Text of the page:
In response to The New York Times article “650 Prompts for Narrative and Personal Writing.”
589. “What’s Your Sunday Routine?”
Sundays are holy. Sundays are sacred. Sundays are my favorite days.
Friends call me disciplined. My family talks about my routines. But to me, I just find life easier when organized, as in, there are a series of qualities I like and that I seek out and cultivate, and they all add up to being this grandiose thing that makes me nervous when called it (disciplined? how? me?). I like, for example, to cut up my days into hour increments, and then into thirty minute chunks, and sometimes into fifteen minute bits; in a planner, I’ll draw a line, dash a 12-noon in the middle, and then 6s on either side, then a 9 and a 3 in the middle, and then divide those fourths into further thirds. These are my working hours. I also like to wake up early. I enjoy the sun. The AM is quiet in New York. In my bedroom, in the neighborhood, and even in the subway, where passengers plug their ears with music or cover their mouths with coffee, on a humming train, and try not to spill on the bunch of shoulders and elbows on all sides, quietly. Lastly, to add a third element, I enjoy, rather, absolutely must finish what I started. In no way can I leave something unfinished, half done. All projects that begin end. For me. Else they risk floating around my head and taking up brain power, or transforming into ghosts that haunt me. This makes it hard to put down a bad book, or to push through a writers block wherein I feel the project can’t go anywhere because to me it is finished, but no work is ever finished, yet instead of sending it out to find a home in a magazine, it sleeps, “complete,” and alone, because I’m afraid of undertaking the next series of steps: package the unsolicited submission, edit the piece again, send, send, send, wait, wait, wait… Waiting can’t be finished, so I hate starting something that’ll make me wait. I move on. The work week ends eventually anyway.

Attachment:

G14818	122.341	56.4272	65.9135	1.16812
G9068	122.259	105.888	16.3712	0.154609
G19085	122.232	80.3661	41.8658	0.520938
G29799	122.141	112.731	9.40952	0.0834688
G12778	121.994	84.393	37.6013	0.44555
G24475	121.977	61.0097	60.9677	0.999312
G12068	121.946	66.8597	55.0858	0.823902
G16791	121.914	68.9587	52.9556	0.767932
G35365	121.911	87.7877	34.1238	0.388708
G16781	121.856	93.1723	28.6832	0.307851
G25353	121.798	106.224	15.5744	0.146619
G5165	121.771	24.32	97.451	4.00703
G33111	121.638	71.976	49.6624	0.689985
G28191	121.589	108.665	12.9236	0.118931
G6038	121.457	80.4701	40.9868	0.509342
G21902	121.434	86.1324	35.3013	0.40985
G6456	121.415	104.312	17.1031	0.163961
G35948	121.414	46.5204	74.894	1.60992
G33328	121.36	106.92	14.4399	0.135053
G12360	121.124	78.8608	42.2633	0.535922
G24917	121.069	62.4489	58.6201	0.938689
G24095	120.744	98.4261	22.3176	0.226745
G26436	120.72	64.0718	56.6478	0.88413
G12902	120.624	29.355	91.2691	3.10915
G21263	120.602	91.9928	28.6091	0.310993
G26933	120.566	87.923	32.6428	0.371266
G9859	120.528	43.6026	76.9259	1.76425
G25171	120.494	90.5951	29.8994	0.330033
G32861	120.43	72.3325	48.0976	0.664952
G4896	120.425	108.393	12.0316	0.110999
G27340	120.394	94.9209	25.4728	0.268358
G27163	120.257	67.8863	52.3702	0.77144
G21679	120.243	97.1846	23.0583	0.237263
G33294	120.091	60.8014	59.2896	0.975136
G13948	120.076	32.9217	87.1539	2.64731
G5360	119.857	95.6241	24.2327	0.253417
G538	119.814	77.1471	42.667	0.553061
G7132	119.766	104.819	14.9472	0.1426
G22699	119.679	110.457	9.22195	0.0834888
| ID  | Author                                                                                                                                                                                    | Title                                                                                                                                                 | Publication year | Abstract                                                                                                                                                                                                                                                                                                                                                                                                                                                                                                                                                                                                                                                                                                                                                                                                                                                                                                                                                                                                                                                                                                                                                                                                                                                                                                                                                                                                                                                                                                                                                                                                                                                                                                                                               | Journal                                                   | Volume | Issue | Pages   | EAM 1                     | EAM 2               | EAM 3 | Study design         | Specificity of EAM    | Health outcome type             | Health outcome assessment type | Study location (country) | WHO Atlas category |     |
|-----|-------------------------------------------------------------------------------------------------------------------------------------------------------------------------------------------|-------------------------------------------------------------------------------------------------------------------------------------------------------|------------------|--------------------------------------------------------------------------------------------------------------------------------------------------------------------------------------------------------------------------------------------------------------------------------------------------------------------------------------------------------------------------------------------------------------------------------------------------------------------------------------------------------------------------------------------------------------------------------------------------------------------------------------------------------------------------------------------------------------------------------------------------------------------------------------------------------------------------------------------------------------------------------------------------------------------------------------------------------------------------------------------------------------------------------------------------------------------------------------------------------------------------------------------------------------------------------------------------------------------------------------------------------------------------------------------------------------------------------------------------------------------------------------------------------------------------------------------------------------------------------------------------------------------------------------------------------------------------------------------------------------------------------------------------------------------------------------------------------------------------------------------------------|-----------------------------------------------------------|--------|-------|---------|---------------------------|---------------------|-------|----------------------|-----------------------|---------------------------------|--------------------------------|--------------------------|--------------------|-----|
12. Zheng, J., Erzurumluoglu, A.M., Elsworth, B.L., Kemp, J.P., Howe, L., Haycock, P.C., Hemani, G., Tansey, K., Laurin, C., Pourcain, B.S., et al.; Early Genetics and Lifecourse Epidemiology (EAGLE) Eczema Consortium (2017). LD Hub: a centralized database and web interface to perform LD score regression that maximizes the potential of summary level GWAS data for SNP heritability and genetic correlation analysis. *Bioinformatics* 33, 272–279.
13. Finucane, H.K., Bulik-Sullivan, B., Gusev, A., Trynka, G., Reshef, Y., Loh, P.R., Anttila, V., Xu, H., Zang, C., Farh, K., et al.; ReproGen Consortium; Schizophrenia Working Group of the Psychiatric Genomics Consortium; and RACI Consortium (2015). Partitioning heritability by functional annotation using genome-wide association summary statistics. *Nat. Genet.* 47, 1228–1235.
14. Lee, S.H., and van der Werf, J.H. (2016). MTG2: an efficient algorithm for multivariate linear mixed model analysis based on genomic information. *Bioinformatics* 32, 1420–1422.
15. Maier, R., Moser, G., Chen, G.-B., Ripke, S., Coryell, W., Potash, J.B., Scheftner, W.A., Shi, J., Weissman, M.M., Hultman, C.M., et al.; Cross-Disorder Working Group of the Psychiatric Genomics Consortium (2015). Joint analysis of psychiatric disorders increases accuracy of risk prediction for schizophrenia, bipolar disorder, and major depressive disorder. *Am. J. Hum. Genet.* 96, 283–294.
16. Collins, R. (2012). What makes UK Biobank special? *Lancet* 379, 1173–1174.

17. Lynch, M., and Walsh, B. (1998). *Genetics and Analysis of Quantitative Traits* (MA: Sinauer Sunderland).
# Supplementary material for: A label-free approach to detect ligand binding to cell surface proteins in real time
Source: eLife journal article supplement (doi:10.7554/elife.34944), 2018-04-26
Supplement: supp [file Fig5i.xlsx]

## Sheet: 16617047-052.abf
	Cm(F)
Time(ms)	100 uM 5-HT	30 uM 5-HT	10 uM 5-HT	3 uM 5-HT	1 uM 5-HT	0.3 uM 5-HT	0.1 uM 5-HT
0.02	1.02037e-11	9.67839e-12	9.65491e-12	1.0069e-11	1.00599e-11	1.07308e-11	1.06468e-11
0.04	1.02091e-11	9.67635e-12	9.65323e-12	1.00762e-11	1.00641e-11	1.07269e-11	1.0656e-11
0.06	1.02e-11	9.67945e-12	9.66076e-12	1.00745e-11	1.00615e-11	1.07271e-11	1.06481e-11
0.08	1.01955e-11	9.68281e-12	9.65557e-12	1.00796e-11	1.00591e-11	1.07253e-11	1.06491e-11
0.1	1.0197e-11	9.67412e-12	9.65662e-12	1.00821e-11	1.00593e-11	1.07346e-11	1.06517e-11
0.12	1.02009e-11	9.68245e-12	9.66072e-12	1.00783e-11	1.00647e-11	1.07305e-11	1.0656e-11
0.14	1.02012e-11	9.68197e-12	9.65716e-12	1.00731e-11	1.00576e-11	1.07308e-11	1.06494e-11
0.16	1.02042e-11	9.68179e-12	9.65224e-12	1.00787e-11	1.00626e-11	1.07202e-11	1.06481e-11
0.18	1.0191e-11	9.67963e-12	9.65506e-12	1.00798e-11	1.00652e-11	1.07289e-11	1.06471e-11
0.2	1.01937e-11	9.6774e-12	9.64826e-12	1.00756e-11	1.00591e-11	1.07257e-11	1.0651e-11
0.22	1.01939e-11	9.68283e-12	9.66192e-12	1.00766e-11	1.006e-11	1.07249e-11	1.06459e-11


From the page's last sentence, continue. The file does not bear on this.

And I land on the one day where none of that matters. Not schedules. Not projects. Not planning. And today it happens to be that day. Sunday.
Sundays are days I wish lasted for ever. I never, though with rare exception, make plans on Sunday. It is my one day to just be, to just walk around, sometimes to walk about. In the summer I walked around Brooklyn, and into Coney Island. In the fall, on Sunday, I read for hours on my back, under the plants in my room. Sometimes a friend would grill on Sunday. Sometimes family was in town. Sundays are never dull, no matter how still you are. The magic of the everyday happens on every Sunday. It’s worth getting emotional about, because Sundays don’t last forever, no matter how calm they are.
And maybe the greatest gift of all is, no matter how wonderful Sundays are, and no matter how long I dread the end of the weekend, a Sunday has never left me hungover on Monday. I always get to work on time the next day; truly I am refreshed through Sundays, and on Mondays land on my feet.
Sundays are solitary, or else shared with someone who can share in solitude. Sundays are days to stick thoughts to the wall, days to make collages out of free daily newspapers. On Sundays I read past journal entries. On Sundays I open my shoe box with the notes and photographs from all those years ago. Sundays are days to watch the birds, days to play old music you know by heart. Sundays always feed you left overs, or brunch, or new food, or something, but never an empty plate, never just one.
How do you spend your Sundays? I don’t remember having Sundays be so important, not to me or anyone, or maybe they always were, and yet here they are and always have been, and there is no time to care much about the details or spelling…only write essays…only avoid fretting about the unknown, about the future, about what the hell to do after graduation…always with the same questions, but. not. on. Sunday.